As I’ve begun another round of working with clients in my Stellar Self-Care Coaching Program, I am so inspired.
These are intelligent, complex, high-achieving women — every single one.
But that’s not what inspires me about them. I’m inspired by their vulnerability. I’m inspired by their choice to reach out and say “I need some help here.”
They inspire me because I struggle with that, too.
Most of my clients would describe themselves as “perfectionists” and “recovering people-pleasers.”
Yep. Me, too.
And something I’ve noticed over the years is that, woven into the fabric of our Western culture, are particular ways of “supporting” each other that are just really not deeply helpful for perfectionists.
Here are some of them:
“You can do it — just try harder!” (The perfectionist is already trying way too hard. That’s part of the problem.)
“You’re strong enough to do this! Hang in there!” (The perfectionist has already carried strength to a Herculean level. The perfectionist needs permission to allow her feelings of “weakness” to exist.)
“You won’t succeed at anything unless you commit yourself 100%!” (Um … the perfectionist is practiced at over-committing. The perfectionist starts at 150%. This over-committing is why perfectionists sometimes “backslide” into procrastination — who wants to do it if doing it means over-committing yourself, every time?)
“Never give up until you make it!” (Tenacity is not an issue for the perfectionist. The perfectionist is like a little dog who just can’t let go of the chew toy, even though it’s in pieces. The perfectionist needs to learn to let go of things that are falling apart — and even things that still feel good but are no longer needed. The perfectionist needs to learn that some things are okay to give up on.)
“Strive for excellence!” (The perfectionist already functions through a belief that she must earn an A++++++ in everything. Excellence is not the issue for the perfectionist. Allowing herself — and her work — to be flawed but visible is the true journey of the perfectionist. This is why I loved the yoga teacher who told me it was best to approach yoga with “C+ effort” — she freed me up to be present to myself.)
The irony here is that, to people who are not yet aware of the toll their perfectionism is taking on them, everything I’ve written in this post will sound like blasphemy.
That’s because perfectionism is a belief system, and there are big payoffs, culturally, to having this belief system. It plays right into the idea that we don’t have limits if we just try hard enough.
There is a TV commercial running right now involving the relationship between a mother and daughter. In voiceover, the daughter says something along the lines of “My mother taught me that I could have it all. My mother never let me give up.”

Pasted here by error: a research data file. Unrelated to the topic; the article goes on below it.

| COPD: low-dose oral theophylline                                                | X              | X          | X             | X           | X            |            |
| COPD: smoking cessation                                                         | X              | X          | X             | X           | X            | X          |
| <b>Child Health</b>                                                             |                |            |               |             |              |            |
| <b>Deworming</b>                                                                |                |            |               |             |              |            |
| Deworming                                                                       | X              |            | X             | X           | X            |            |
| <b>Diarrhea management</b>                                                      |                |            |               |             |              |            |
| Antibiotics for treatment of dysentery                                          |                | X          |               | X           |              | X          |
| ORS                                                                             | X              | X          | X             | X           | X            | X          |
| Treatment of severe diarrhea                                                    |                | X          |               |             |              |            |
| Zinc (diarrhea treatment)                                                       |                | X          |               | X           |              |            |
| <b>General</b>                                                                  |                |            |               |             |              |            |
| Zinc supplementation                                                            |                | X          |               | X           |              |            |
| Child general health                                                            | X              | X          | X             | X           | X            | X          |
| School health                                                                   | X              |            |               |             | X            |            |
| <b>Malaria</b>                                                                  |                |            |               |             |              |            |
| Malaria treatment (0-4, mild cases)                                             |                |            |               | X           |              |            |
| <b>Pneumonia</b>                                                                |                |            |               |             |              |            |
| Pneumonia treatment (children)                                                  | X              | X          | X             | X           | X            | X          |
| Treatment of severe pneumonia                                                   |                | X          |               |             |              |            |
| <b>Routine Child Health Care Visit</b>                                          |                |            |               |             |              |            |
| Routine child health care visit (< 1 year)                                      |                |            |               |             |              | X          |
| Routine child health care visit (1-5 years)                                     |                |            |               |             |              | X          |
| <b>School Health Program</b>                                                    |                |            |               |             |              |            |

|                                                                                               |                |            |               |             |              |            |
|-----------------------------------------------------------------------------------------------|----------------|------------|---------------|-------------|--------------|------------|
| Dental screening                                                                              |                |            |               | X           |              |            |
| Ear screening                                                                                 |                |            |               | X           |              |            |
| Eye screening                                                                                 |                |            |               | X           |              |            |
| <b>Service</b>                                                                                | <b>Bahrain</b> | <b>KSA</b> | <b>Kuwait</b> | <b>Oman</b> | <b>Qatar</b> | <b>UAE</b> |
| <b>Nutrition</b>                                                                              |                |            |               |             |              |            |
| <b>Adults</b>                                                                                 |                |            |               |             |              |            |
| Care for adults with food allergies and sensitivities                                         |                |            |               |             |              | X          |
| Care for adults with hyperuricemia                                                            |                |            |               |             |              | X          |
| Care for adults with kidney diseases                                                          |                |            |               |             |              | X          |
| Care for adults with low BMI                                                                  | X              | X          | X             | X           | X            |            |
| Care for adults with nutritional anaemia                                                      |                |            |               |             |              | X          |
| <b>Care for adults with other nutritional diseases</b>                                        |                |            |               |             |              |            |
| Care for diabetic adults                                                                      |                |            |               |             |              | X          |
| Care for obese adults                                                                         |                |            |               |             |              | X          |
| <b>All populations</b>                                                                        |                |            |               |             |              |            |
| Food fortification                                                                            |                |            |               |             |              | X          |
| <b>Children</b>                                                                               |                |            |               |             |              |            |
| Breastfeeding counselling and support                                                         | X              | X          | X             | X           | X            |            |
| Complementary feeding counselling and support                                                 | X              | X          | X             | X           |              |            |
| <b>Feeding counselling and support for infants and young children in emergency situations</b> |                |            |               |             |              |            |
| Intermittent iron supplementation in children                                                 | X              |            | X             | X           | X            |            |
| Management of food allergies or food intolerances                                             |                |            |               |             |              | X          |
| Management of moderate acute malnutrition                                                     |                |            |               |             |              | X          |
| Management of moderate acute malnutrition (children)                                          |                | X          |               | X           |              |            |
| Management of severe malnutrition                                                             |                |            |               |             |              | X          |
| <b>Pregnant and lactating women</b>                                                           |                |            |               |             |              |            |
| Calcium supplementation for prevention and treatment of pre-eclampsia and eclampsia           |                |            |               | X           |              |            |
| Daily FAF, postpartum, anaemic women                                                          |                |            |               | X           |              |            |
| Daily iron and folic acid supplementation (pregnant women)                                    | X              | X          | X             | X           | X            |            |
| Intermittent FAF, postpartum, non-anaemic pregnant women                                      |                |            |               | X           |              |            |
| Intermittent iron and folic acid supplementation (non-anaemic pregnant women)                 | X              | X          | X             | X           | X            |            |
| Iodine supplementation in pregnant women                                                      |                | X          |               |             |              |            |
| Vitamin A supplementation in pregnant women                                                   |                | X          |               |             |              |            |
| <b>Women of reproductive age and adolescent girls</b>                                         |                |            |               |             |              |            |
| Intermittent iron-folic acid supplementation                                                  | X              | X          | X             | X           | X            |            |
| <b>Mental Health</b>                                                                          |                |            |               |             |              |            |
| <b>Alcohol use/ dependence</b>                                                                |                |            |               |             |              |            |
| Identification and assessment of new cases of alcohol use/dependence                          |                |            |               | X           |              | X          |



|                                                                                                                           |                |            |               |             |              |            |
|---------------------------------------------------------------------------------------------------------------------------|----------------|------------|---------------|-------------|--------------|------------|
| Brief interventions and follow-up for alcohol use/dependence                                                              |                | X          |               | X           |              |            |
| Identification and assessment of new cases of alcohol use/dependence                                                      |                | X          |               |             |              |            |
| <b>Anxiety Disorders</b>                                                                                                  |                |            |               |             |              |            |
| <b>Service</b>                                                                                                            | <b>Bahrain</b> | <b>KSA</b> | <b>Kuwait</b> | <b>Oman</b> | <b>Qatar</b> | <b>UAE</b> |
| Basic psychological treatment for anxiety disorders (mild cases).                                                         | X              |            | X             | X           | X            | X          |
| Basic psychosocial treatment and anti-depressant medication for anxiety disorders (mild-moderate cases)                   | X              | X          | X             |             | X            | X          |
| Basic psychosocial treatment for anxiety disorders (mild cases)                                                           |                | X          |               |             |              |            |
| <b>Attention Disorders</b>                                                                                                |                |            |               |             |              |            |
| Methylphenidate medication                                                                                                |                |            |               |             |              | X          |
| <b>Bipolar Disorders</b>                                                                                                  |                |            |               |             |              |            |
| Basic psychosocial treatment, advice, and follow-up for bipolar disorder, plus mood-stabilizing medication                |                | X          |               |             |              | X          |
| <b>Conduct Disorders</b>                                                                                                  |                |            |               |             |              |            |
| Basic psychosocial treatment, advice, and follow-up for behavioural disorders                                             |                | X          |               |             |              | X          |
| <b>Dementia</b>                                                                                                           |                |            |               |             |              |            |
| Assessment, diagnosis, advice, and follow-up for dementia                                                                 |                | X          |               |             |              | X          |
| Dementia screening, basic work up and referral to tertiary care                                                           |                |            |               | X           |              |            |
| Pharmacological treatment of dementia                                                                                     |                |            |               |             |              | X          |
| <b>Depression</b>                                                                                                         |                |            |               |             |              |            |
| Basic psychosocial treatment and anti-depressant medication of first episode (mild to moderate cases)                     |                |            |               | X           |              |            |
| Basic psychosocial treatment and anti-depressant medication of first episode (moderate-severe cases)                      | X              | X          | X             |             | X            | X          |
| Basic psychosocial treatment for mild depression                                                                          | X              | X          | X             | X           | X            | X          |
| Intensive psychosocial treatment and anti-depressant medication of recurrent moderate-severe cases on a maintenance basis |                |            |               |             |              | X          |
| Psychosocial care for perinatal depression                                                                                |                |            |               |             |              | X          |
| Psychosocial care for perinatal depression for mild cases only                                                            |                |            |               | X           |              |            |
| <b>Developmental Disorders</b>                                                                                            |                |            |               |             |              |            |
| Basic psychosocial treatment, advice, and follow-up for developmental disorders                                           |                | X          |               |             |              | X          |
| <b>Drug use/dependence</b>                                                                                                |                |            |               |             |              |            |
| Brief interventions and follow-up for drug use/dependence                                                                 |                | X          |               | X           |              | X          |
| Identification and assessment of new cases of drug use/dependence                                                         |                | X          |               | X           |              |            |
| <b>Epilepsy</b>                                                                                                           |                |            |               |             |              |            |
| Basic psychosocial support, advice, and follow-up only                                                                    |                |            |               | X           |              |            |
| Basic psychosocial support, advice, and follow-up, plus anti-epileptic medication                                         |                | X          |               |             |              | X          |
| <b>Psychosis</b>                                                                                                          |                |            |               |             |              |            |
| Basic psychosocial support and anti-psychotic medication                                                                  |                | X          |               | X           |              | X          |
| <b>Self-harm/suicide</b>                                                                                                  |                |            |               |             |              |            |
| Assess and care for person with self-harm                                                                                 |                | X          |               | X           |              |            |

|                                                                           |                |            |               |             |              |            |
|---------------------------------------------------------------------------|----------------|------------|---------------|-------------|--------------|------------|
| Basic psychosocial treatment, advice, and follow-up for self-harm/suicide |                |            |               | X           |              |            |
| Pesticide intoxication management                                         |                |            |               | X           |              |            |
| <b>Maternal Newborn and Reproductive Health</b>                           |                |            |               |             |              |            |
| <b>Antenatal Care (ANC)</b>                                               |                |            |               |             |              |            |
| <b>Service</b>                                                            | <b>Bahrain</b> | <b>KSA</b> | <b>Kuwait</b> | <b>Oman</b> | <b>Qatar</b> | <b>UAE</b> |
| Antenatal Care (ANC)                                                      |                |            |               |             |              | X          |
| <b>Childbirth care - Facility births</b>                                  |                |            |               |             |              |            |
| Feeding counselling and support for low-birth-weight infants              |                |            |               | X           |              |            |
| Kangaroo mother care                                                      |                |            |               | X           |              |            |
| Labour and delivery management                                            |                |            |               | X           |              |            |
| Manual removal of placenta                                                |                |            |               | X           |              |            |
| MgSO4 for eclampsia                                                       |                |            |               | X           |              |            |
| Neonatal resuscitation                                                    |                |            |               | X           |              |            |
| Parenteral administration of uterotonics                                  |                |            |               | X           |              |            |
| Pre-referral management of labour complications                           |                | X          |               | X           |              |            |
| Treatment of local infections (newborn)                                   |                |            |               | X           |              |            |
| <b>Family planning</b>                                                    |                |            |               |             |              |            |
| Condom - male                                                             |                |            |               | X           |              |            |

Empowering? It depends on the lens through which you view “having it all” and “never giving up.” I know that when I try to “have it all”, my life feels so overstuffed I can barely breathe.
And I’ve found that everything I work toward in my life involves many moments where I “give up”. I give up what I think it has to look like. I give up my tight grip on it. I give up an old version of me so a more authentic version can show up. I give up because I just don’t want “it” anymore, not the way I did (because I’m not who I was when I set out on the journey).
If you have a tendency toward perfectionism, and you notice you have trouble giving up or letting go, start small. Where can you push a little less than you usually do? Where can you pause and reflect before responding or reacting? What activity can be crossed off the list — if only for today? Where would a well-placed “no” usher more peace into your day?
Don’t overwhelm yourself by thinking you need to “do this letting go thing right”! (Perfectionism can be oh so sneaky!) You don’t need to let go of anything big right now.
Practice with the little stuff. And see how it goes. Build those “letting go” muscles. Chances are, your “tenacity muscles” are already overworked.
I know the message to “practice giving up” may seem incongruent with the huge changes that are crying out to be made in our world at this moment. But as I’ve written here before, we cannot truly separate self-care from other-care.
The more I am able to fill my own cup, the more that cup overflows to others. It cannot be otherwise. When I try to “do it all” and insist on “never giving up” on anything, I’m spread so thin I am flat-out ineffective when it comes to the places where the world truly needs me.
If you struggle with perfectionism and people-pleasing, where do you need permission? Where might you practice letting go, or even giving up?
Speaking of perfectionism and self-care, I hope you’ll check out You Need to Read: A Wish Come Clear’s Video Interview Series. Caroline McGraw and her interviewees (including me!) delve deeply into these topics in her terrific series.